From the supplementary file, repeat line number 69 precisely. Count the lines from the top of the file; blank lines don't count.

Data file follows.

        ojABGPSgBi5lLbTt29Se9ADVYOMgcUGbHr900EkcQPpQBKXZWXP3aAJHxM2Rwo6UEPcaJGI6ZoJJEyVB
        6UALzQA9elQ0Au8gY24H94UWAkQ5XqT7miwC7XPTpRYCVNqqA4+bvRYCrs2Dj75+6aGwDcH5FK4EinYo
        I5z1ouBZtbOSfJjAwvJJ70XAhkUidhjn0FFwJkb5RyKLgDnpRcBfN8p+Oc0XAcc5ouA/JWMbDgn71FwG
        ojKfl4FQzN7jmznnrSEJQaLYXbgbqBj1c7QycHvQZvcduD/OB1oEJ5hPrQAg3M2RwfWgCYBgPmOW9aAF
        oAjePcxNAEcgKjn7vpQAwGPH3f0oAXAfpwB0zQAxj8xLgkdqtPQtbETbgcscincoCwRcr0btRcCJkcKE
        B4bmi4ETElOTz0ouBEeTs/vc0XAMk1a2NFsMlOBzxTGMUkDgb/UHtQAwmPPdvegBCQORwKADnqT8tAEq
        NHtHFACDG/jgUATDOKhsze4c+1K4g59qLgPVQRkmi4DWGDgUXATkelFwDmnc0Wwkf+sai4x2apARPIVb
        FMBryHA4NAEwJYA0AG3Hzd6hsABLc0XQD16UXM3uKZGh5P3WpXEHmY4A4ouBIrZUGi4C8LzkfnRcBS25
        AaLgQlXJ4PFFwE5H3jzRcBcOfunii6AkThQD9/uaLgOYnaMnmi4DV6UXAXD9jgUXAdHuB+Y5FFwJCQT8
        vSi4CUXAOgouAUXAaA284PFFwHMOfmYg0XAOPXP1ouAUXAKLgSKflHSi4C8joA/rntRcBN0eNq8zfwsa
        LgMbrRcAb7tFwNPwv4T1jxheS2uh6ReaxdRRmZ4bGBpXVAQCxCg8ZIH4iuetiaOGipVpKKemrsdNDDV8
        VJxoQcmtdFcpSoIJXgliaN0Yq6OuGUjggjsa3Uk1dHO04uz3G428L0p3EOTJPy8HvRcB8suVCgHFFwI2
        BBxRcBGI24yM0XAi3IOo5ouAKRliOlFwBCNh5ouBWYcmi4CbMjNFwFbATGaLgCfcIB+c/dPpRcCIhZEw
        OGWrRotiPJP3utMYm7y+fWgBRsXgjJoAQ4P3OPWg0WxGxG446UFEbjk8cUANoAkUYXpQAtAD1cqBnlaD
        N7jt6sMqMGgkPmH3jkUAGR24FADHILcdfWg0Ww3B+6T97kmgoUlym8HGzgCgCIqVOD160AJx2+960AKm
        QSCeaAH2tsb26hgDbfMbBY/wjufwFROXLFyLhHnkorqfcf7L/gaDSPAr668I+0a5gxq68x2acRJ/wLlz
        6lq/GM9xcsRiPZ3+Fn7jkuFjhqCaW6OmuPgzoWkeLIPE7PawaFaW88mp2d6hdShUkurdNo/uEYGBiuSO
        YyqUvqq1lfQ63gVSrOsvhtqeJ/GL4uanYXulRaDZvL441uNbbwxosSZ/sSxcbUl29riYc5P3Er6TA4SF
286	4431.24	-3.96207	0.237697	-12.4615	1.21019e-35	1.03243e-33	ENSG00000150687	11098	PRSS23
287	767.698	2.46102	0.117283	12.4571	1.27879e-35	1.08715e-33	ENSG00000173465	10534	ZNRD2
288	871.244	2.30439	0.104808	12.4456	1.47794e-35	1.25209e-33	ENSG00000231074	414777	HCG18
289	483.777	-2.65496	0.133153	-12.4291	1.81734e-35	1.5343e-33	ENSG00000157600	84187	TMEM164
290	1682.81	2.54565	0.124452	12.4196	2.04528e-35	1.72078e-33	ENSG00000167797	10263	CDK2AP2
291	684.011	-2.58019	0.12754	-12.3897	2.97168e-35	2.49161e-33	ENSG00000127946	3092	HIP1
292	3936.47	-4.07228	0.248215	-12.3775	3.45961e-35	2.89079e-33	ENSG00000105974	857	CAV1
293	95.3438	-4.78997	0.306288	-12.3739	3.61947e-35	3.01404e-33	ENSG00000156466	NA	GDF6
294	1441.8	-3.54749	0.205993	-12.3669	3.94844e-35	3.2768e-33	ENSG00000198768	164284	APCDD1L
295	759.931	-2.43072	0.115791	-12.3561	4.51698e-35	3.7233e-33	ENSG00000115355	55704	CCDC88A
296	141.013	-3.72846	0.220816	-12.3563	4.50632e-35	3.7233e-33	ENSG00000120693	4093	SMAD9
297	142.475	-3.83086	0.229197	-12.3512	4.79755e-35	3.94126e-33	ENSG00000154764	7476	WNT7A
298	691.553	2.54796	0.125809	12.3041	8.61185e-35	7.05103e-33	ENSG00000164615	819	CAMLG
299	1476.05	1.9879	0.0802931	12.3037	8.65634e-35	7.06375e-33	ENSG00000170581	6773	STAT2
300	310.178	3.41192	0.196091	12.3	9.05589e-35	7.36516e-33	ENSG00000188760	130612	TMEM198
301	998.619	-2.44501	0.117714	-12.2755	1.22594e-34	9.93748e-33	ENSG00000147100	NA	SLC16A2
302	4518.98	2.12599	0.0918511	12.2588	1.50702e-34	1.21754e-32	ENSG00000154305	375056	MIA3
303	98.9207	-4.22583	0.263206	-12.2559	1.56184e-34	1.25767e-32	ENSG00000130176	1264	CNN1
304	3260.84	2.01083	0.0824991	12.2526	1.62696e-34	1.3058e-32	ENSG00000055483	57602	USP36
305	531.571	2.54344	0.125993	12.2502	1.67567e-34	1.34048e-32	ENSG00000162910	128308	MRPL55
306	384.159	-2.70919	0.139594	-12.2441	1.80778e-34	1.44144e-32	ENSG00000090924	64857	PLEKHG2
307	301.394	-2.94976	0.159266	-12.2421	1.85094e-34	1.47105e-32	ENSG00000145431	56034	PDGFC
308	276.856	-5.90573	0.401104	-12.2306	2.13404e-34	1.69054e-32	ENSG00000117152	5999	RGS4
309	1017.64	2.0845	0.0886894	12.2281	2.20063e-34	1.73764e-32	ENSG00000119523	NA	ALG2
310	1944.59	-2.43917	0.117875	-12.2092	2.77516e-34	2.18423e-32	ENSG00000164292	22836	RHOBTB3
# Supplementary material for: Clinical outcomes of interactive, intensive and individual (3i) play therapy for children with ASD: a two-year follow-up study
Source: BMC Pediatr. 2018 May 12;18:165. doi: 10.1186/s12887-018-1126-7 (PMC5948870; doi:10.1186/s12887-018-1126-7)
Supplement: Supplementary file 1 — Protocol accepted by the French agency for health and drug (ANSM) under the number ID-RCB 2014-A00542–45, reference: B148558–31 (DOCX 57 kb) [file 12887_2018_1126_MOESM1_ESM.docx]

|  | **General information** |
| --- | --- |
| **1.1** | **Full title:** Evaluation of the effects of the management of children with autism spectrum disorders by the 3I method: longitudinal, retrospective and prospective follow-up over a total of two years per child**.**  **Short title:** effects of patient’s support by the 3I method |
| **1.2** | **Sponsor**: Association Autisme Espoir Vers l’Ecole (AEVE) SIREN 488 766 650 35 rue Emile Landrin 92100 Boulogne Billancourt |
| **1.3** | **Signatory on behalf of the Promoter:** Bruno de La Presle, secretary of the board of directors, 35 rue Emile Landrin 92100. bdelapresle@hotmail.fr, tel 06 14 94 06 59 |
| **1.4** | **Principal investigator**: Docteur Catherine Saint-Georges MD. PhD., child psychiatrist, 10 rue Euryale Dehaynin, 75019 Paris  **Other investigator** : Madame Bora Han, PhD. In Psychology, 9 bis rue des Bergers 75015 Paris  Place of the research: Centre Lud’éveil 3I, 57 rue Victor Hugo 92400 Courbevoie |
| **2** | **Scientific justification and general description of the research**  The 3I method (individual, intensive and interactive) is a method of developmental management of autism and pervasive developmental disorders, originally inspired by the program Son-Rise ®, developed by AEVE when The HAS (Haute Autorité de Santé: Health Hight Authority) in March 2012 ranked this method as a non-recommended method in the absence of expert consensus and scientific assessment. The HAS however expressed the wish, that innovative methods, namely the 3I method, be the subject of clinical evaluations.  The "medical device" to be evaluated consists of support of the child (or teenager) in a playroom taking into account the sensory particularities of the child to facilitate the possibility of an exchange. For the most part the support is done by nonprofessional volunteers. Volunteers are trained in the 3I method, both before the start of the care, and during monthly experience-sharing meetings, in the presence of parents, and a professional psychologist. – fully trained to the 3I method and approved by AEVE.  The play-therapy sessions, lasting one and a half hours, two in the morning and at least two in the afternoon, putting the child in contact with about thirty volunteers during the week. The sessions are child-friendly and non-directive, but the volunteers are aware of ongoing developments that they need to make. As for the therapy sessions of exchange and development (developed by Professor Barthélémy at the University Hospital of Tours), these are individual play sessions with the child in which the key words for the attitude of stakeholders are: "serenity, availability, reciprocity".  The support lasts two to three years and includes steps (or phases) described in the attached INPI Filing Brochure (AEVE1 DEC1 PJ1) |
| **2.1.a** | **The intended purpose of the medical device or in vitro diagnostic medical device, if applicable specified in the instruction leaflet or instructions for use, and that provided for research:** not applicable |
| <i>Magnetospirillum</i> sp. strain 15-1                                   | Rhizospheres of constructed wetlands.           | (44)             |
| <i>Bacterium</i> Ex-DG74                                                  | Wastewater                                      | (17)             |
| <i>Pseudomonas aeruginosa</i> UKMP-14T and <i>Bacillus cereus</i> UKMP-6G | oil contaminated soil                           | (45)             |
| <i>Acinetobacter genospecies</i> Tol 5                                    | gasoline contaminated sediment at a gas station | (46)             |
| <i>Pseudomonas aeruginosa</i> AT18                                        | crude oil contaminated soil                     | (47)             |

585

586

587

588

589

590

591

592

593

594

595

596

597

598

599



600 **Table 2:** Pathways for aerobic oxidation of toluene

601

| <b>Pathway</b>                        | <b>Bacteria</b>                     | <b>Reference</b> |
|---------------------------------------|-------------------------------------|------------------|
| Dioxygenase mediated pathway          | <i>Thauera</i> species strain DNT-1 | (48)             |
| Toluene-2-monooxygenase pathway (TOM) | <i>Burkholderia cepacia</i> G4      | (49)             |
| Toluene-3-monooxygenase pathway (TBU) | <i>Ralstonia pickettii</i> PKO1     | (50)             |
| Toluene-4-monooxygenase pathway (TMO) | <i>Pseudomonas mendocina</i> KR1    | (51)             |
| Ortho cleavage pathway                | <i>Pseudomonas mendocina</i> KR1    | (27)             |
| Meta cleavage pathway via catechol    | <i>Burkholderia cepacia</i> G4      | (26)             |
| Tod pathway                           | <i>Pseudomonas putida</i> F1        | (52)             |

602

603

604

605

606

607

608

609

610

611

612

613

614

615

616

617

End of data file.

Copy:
594